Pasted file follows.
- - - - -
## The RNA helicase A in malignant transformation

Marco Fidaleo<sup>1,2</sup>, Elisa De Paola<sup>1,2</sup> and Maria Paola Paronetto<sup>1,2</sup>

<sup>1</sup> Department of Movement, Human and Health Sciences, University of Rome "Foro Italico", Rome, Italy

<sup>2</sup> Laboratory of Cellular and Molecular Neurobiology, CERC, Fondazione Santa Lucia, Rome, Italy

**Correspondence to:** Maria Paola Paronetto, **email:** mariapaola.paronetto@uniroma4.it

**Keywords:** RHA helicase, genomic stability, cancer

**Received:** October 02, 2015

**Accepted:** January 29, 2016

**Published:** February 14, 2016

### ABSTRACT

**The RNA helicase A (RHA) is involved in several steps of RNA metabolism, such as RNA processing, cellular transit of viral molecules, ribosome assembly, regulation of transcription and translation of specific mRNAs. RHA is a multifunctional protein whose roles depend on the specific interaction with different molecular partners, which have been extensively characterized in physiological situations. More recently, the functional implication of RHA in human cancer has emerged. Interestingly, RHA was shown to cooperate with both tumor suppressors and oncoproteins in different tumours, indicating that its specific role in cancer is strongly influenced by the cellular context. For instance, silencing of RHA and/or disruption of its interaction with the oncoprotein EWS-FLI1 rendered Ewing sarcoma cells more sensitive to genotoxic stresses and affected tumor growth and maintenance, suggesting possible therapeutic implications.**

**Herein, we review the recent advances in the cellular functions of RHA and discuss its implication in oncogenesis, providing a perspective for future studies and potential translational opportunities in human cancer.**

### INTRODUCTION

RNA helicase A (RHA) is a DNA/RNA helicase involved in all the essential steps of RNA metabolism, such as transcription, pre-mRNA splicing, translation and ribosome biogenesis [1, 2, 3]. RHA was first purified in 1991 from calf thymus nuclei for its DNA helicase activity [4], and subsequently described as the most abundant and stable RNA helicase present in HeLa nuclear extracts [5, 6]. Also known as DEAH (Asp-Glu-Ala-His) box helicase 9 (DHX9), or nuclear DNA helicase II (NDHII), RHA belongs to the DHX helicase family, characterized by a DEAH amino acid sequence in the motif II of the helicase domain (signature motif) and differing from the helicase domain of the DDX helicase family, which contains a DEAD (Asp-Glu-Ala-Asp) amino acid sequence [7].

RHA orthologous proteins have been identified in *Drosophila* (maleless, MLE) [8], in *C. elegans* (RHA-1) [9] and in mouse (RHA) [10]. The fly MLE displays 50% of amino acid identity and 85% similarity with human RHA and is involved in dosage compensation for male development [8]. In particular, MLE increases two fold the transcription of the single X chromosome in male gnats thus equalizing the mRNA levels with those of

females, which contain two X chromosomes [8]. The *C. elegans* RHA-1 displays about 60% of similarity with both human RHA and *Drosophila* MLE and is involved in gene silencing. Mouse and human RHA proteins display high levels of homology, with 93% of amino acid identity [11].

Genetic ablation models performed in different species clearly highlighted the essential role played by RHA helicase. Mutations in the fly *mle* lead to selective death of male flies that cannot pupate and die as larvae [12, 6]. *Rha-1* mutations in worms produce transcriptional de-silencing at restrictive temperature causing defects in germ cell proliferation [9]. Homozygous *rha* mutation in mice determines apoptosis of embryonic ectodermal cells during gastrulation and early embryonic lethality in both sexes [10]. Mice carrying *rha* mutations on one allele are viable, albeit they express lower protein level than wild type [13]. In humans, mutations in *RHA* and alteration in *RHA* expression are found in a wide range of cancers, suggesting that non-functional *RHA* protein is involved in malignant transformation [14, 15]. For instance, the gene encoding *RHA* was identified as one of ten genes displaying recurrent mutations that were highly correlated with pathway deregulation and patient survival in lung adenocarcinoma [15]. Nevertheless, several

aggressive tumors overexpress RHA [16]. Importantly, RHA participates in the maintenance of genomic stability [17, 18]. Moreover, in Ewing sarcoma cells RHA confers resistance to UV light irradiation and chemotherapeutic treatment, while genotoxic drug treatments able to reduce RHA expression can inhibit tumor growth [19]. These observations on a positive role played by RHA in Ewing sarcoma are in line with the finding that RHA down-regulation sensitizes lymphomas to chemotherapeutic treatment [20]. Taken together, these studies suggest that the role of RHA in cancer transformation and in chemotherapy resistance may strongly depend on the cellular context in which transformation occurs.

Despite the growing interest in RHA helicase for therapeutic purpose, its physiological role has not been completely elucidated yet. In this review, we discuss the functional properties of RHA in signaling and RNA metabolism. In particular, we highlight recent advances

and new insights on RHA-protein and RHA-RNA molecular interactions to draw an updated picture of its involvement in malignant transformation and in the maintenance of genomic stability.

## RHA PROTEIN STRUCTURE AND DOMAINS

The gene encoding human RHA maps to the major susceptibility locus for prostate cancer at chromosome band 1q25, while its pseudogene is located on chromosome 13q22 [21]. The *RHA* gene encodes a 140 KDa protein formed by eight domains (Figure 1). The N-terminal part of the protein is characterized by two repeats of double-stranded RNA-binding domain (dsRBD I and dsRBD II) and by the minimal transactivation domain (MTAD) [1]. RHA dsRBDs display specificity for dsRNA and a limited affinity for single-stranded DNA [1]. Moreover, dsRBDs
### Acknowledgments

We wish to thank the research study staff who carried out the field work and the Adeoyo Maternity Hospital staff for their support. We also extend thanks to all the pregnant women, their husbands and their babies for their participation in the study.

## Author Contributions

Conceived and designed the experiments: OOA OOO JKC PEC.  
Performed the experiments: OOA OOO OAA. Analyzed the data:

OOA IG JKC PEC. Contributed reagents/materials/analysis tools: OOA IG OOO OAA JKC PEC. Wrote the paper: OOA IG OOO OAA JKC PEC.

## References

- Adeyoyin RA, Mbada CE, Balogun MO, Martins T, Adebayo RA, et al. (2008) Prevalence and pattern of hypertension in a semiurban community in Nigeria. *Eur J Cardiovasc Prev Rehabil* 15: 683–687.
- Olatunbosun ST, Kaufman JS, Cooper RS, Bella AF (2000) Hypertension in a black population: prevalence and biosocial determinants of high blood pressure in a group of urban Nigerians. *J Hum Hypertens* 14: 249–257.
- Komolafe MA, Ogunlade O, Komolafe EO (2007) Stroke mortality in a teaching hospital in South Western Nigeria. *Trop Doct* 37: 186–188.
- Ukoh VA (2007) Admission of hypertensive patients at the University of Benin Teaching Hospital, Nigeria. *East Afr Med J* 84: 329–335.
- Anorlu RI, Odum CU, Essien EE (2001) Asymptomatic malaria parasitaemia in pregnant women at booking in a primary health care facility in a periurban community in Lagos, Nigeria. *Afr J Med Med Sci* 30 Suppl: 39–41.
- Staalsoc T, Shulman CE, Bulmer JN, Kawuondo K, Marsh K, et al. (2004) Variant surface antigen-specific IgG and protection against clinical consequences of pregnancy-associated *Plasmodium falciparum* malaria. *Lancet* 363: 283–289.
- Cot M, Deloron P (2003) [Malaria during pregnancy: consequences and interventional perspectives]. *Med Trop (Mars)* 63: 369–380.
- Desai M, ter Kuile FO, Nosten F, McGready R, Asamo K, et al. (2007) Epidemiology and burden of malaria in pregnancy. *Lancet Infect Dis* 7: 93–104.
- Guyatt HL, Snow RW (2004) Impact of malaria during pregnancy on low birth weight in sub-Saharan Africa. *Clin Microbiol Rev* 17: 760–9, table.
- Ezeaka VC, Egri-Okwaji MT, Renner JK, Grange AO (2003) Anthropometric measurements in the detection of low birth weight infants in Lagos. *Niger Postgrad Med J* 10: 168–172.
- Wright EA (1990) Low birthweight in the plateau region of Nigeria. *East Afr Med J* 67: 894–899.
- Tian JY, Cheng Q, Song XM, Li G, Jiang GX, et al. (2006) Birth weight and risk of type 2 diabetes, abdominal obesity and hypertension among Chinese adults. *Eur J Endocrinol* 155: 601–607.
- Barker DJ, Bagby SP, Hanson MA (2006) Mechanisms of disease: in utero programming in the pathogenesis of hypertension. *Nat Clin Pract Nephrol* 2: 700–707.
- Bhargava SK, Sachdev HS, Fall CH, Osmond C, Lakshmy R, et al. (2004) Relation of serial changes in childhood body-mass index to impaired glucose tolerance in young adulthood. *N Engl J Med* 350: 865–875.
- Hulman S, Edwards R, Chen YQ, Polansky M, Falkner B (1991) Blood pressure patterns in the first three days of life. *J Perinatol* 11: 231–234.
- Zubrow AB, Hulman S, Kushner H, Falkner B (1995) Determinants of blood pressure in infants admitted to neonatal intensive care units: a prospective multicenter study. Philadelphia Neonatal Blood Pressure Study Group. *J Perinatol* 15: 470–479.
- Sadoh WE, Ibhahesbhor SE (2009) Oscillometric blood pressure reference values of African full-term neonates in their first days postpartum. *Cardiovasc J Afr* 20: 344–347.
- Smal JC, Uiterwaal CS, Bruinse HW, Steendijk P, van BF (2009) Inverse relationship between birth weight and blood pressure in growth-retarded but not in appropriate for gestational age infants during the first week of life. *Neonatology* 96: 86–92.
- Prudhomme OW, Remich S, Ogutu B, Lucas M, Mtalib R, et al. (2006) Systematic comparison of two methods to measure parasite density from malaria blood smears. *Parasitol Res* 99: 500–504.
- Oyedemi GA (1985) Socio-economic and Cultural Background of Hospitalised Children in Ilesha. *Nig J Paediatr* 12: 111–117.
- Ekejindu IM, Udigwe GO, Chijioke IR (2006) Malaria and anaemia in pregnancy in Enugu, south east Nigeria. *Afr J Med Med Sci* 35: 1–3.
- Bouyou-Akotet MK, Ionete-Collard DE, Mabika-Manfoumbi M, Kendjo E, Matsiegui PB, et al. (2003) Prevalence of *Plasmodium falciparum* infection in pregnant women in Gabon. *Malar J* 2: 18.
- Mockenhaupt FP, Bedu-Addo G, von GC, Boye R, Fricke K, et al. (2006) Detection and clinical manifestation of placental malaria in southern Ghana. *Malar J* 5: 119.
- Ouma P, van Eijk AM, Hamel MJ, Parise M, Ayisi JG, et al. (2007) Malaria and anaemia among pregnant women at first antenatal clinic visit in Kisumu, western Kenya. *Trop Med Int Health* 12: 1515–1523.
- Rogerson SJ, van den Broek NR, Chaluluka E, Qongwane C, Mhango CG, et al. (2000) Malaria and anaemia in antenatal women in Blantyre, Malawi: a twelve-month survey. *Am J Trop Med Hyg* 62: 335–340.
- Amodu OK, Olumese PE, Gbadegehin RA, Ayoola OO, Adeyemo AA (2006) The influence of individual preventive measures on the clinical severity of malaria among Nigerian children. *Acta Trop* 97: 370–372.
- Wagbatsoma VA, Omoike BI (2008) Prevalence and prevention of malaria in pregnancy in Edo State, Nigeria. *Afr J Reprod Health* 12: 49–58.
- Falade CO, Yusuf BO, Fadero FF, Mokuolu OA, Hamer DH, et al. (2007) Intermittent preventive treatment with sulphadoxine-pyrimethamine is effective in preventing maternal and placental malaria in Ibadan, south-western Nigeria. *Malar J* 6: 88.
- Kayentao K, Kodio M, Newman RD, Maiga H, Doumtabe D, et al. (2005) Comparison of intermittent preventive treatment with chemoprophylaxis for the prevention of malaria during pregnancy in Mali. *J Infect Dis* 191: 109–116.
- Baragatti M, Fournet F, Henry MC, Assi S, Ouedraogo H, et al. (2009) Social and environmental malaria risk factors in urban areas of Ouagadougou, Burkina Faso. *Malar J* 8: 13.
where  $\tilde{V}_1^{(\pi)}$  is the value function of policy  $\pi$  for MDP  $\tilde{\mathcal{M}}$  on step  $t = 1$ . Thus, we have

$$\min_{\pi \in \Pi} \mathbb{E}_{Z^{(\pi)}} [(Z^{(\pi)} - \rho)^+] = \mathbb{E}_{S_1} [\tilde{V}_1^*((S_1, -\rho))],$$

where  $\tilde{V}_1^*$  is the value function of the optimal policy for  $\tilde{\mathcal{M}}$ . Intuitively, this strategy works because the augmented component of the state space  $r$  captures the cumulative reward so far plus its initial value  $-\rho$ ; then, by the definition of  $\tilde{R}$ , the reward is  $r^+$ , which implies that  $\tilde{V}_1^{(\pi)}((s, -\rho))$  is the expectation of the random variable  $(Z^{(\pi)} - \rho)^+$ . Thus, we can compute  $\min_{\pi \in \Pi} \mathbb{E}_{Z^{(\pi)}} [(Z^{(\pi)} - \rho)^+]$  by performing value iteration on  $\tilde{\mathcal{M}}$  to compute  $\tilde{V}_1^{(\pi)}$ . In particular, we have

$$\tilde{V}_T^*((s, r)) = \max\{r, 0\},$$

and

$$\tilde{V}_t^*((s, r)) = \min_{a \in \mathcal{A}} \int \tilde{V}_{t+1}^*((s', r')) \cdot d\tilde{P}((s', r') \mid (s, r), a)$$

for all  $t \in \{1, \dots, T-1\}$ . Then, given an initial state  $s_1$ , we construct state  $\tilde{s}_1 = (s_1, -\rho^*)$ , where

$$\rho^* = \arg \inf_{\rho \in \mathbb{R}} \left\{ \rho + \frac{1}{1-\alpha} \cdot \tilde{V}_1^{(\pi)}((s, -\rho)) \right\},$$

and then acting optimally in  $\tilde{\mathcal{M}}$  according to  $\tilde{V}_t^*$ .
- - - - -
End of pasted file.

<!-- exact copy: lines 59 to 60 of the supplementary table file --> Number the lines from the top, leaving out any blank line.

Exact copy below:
- Baragatti M, Fournet F, Henry MC, Assi S, Ouedraogo H, et al. (2009) Social and environmental malaria risk factors in urban areas of Ouagadougou, Burkina Faso. *Malar J* 8: 13.
where  $\tilde{V}_1^{(\pi)}$  is the value function of policy  $\pi$  for MDP  $\tilde{\mathcal{M}}$  on step  $t = 1$ . Thus, we have